Shamsad is a product owner and is part of a team that has adopted agile. Their team is working on developing APIs for their product which consists of many components. Their team interacts with each of the component interfaces and writes APIs to meet external client needs.
Until now, for every API, Shamsad and the team carefully examine what capability exists in the components and what they need to change before planning a story for the upcoming sprint. They are not aware of the components and this activity provides good learning as well as a review of what they need to do in the sprint. They develop the backlog at least two weeks ahead of every sprint.
The team has been asked to plan scope and set expectations to managment for the upcoming release 4 months away. Essentially, the team has been asked to come up with a release plan. The team tries to explain that the nature of their work does not allow upfront release planning.
They discuss this with their manager – who does not agree and feels even this team can come up with a backlog for the entire release. Anagha, their manager, feels the team is too focussed on the details and suggests that they can do release planning if they manage to create a backlog without all the details of how API must be built. She also tells them to estimate and provide a rough idea of the scope they think will get done.
Shamsad is confused and so is his team; they wonder how can a backlog be developed if it does not bring what needs to be built. Anagha asks them to think through and review their backlog management carefully.
Do you think Anagha has made the correct observations – given the team integrates across many components? Can you help Shamsad and the team develop an approach that will help them complete their release planning and estimations successfully.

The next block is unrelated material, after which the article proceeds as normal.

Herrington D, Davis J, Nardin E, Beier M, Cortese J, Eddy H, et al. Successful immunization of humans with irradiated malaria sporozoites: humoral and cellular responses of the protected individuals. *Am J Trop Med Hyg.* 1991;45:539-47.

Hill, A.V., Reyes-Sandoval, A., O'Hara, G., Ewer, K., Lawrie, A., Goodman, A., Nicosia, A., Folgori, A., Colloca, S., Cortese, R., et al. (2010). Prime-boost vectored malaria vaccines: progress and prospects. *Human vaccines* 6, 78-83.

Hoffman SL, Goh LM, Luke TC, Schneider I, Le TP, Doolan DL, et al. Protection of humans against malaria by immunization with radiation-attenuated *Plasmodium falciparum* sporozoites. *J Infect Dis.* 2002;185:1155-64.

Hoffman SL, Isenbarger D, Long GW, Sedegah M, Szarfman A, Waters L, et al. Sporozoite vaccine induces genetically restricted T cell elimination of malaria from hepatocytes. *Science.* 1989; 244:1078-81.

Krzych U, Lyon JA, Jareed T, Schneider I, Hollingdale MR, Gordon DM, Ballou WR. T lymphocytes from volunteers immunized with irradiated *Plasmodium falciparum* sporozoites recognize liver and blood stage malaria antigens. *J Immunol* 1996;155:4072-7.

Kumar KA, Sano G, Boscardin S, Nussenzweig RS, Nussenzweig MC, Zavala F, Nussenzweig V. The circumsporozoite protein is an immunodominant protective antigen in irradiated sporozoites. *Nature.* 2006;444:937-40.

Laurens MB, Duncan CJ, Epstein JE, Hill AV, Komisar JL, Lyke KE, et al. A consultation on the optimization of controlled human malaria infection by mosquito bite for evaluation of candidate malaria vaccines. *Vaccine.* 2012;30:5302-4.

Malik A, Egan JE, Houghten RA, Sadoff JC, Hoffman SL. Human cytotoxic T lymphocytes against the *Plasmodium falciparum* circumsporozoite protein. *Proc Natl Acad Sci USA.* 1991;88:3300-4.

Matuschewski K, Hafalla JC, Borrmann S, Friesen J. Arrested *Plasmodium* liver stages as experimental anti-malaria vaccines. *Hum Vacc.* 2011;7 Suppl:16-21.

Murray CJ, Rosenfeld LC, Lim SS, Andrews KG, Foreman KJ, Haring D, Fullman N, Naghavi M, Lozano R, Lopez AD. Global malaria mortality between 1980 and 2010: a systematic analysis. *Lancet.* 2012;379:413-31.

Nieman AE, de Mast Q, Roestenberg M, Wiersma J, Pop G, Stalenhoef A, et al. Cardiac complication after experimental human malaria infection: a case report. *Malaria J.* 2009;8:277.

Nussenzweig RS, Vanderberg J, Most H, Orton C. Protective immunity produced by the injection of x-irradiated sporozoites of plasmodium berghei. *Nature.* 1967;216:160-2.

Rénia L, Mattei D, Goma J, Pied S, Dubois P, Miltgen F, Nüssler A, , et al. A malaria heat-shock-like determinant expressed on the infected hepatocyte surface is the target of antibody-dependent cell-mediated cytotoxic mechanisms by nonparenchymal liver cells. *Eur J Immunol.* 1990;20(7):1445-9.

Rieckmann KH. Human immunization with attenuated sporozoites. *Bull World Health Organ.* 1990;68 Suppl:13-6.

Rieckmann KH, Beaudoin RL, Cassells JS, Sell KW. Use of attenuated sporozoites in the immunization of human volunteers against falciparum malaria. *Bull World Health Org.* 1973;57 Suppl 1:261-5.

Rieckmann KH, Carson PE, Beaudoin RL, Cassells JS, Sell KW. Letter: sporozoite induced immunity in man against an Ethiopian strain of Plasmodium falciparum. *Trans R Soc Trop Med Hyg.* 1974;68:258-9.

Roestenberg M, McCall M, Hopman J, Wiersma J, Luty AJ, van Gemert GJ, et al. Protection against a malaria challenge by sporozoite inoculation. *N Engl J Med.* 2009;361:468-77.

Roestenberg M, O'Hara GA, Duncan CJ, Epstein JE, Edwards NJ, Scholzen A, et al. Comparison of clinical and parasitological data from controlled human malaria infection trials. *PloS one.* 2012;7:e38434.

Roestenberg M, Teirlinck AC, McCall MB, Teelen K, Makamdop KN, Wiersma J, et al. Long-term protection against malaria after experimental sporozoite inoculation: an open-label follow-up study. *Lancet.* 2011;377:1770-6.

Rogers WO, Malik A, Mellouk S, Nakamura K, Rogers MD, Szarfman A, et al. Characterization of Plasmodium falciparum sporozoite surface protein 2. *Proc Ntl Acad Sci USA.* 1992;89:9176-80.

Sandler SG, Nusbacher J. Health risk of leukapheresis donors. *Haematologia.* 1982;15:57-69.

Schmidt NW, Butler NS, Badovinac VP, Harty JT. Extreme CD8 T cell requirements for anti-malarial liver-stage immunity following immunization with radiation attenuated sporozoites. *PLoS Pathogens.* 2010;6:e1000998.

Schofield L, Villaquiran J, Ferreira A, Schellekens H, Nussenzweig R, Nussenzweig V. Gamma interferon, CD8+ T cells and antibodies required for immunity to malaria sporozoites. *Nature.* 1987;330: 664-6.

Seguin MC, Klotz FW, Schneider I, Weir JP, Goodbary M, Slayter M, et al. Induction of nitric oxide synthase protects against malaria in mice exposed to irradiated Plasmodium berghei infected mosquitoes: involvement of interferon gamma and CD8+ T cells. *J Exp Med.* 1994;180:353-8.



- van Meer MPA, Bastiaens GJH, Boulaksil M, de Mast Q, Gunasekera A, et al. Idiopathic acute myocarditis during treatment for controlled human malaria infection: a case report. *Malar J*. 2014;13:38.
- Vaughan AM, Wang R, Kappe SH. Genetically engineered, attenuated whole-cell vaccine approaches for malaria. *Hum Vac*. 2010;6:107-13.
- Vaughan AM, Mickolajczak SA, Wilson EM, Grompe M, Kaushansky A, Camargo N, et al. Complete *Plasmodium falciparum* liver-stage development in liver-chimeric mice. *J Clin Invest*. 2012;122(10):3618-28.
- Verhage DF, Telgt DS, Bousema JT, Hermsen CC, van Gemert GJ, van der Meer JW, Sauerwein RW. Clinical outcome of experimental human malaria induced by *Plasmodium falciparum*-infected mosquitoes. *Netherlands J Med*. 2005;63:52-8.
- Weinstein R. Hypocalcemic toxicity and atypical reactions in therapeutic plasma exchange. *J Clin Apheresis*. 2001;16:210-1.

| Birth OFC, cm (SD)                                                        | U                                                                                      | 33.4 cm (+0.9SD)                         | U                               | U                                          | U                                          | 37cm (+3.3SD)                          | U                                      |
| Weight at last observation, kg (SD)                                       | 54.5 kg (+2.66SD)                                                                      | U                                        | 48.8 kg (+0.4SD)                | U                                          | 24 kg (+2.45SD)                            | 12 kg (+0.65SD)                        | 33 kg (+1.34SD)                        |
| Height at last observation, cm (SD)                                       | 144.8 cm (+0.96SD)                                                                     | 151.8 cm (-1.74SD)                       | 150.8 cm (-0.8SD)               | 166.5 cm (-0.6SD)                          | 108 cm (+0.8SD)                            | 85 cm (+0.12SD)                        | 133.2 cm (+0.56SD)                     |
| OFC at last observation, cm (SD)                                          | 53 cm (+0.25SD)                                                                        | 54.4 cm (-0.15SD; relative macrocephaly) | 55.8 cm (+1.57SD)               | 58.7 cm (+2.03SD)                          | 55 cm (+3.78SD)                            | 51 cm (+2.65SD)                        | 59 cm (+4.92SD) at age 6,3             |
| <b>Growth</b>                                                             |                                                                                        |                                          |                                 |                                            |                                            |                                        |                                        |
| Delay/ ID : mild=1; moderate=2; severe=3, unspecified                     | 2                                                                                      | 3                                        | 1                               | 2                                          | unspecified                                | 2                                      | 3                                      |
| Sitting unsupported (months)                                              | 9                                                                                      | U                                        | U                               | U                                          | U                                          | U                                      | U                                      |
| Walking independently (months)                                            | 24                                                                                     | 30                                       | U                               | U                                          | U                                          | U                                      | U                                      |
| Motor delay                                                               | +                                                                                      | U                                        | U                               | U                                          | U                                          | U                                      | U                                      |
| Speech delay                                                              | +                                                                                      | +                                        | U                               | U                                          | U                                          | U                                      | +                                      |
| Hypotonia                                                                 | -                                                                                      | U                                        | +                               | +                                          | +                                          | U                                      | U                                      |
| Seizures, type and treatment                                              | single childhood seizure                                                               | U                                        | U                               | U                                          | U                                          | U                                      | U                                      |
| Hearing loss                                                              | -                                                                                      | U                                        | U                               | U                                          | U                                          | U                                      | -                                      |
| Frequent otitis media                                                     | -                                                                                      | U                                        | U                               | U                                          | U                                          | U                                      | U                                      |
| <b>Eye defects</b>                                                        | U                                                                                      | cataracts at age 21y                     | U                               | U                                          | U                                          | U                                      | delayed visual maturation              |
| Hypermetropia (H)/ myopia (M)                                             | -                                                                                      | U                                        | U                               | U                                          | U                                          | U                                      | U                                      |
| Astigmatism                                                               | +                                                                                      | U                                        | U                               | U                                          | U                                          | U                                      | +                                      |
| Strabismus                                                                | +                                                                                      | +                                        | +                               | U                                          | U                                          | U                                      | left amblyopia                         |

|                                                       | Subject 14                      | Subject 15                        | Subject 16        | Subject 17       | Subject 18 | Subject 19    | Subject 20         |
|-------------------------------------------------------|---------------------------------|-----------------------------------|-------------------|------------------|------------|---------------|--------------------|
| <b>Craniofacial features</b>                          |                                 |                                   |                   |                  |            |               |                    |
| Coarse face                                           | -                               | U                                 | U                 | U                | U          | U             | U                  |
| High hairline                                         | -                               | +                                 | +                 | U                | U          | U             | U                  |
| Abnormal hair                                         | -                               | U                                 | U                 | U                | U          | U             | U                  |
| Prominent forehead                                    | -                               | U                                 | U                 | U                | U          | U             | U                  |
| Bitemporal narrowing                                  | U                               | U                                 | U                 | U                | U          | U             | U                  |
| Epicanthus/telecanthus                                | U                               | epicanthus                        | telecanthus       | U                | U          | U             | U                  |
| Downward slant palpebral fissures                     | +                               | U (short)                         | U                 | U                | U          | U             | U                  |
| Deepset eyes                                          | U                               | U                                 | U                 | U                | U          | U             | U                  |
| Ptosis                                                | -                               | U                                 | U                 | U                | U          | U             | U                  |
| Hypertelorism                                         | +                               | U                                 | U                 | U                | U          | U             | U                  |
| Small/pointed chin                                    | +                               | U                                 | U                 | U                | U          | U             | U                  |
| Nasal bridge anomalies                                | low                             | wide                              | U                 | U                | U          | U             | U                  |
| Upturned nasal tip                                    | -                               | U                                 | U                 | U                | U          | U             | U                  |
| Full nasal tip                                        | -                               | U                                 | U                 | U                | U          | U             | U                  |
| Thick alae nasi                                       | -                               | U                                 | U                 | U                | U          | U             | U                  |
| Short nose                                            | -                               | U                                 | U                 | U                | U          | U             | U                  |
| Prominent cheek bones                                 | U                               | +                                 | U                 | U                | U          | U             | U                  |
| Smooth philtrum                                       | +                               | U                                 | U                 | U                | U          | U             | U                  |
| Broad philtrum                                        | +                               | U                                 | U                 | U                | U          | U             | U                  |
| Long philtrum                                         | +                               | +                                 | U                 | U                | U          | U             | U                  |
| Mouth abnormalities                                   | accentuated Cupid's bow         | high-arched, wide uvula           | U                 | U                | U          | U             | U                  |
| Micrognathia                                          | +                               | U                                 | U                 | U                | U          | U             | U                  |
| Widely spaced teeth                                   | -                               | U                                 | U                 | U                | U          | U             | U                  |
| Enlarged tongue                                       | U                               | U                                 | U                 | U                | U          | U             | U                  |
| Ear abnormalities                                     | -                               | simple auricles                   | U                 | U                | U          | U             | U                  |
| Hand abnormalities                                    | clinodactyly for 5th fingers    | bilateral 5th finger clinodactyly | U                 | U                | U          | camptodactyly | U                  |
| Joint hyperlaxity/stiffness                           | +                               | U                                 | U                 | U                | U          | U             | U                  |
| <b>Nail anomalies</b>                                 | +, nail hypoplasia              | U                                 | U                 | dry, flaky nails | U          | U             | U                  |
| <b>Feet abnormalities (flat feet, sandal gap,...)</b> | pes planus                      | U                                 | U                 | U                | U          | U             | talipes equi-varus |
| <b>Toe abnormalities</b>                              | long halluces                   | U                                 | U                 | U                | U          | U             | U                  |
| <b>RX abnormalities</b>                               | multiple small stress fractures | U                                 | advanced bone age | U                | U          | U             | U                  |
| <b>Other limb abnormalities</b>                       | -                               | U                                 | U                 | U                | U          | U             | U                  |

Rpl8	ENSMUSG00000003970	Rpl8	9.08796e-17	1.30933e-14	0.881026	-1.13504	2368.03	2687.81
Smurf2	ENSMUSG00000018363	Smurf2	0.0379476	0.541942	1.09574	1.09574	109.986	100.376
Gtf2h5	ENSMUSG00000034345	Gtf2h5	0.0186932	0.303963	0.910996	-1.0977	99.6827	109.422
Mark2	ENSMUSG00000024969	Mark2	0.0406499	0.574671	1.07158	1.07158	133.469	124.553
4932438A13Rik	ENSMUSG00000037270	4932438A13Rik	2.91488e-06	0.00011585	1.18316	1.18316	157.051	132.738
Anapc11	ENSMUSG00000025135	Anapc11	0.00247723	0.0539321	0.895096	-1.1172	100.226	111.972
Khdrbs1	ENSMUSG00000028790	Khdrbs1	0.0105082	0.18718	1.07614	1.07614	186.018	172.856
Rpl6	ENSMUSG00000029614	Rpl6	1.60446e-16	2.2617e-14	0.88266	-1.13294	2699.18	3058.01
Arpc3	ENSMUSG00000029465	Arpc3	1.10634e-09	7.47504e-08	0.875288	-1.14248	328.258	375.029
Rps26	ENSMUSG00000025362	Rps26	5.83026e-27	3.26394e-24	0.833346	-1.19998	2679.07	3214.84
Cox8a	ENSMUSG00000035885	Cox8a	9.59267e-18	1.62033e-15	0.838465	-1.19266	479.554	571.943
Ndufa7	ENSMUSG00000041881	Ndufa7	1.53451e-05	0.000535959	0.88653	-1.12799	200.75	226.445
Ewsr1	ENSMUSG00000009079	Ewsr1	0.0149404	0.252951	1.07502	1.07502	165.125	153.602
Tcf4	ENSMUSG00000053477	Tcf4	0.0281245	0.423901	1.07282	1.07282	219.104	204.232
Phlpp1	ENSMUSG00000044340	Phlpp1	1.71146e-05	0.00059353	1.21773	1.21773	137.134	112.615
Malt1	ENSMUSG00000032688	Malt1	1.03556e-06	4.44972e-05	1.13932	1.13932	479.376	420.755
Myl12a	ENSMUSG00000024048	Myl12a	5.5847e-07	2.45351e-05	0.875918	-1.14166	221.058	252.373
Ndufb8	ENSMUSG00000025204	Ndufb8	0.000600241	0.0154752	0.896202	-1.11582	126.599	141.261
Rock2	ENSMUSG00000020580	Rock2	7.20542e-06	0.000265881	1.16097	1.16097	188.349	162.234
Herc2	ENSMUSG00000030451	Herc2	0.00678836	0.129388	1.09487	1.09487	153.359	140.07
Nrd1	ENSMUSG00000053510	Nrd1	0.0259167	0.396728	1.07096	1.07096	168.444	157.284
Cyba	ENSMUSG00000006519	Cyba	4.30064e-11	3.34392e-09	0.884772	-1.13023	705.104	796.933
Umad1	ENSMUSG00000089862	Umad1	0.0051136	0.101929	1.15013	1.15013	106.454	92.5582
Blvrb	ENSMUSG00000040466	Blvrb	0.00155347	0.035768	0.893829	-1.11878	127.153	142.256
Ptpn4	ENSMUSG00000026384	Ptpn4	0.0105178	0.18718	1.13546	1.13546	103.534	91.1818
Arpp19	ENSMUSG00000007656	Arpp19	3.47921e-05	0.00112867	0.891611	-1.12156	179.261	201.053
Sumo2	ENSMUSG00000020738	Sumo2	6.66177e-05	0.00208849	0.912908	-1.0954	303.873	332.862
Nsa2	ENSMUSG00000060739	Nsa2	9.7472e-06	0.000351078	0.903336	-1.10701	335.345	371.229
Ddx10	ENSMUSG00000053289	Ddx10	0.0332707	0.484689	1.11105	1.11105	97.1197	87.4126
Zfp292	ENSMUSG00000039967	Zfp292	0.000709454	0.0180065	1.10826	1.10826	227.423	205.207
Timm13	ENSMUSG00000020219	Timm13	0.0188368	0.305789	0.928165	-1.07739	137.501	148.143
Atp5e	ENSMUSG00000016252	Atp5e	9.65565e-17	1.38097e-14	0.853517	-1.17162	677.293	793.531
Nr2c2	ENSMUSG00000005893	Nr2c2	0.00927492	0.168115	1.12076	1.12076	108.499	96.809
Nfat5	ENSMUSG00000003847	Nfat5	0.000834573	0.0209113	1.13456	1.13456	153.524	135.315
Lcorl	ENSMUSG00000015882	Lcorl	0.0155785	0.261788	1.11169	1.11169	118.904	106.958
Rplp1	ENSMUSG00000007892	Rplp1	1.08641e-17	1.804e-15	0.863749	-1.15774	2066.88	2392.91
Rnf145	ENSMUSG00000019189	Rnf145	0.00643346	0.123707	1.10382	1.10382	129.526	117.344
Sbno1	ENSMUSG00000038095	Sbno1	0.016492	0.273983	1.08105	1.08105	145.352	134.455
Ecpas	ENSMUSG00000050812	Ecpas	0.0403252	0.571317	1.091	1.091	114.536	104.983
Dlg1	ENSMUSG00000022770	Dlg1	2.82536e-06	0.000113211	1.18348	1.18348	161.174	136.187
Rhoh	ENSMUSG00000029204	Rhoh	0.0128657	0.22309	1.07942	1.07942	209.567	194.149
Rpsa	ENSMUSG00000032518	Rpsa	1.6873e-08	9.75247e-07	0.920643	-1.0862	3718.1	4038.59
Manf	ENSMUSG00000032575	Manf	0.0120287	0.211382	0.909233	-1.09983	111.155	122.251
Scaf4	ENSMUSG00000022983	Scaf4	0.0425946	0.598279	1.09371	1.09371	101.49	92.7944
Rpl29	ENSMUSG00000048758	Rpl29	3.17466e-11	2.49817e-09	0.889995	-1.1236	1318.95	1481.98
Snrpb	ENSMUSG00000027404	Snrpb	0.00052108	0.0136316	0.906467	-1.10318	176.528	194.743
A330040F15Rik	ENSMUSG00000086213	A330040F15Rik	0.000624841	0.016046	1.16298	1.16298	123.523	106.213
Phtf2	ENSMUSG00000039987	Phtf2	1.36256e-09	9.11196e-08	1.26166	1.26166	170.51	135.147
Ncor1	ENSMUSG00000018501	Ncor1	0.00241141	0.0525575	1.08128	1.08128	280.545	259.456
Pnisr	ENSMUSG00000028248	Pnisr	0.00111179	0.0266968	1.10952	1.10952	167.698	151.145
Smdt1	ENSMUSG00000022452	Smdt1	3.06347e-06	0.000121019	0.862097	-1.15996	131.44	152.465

The manager has made good observations; their API build team along with Shamshad deliberated for a while thinking through the input Anagha gave: to review how they build their backlog.
They decided to try out the following: APIs (interfaces) are primarily used to exchange information in a standard way across systems. So, the primary set of information that comes in is the information that is needed and how that is used.
With this, they went back to Anagha about the details that they plan to use for estimation – just the information needed between systems and how they will be exchanged, rather than details of where they are stored etc. The team was happy to hear they were on the right track.
But, they had a puzzle: How will they estimate the size of the story
Anagha smiled and asked them: what are you estimating, the size of the story (the problem) or the effort required to complete the story. She continued as they still looked puzzled, she asked them to try sizing the story based on the kind of problem they think it is; and not the effort required to solve the problem.
And to help in doing it, she suggested to take a problem they were most comfortable in solving (base story) and categorise rest in to smaller or larger problems compared to the base story.
She also told she will explain about how to arrive at a planning velocity and how based on that, they could arrive at a tentative number of sprints (weeks) required to complete the work; of course, all of this will be based on actual progress.
The team still had a question: when will details be added to the story then; Anagha mentioned that it should be done regularly – before every sprint for stories in that sprint..
The team kind of got it; but looked to her for guiding through this.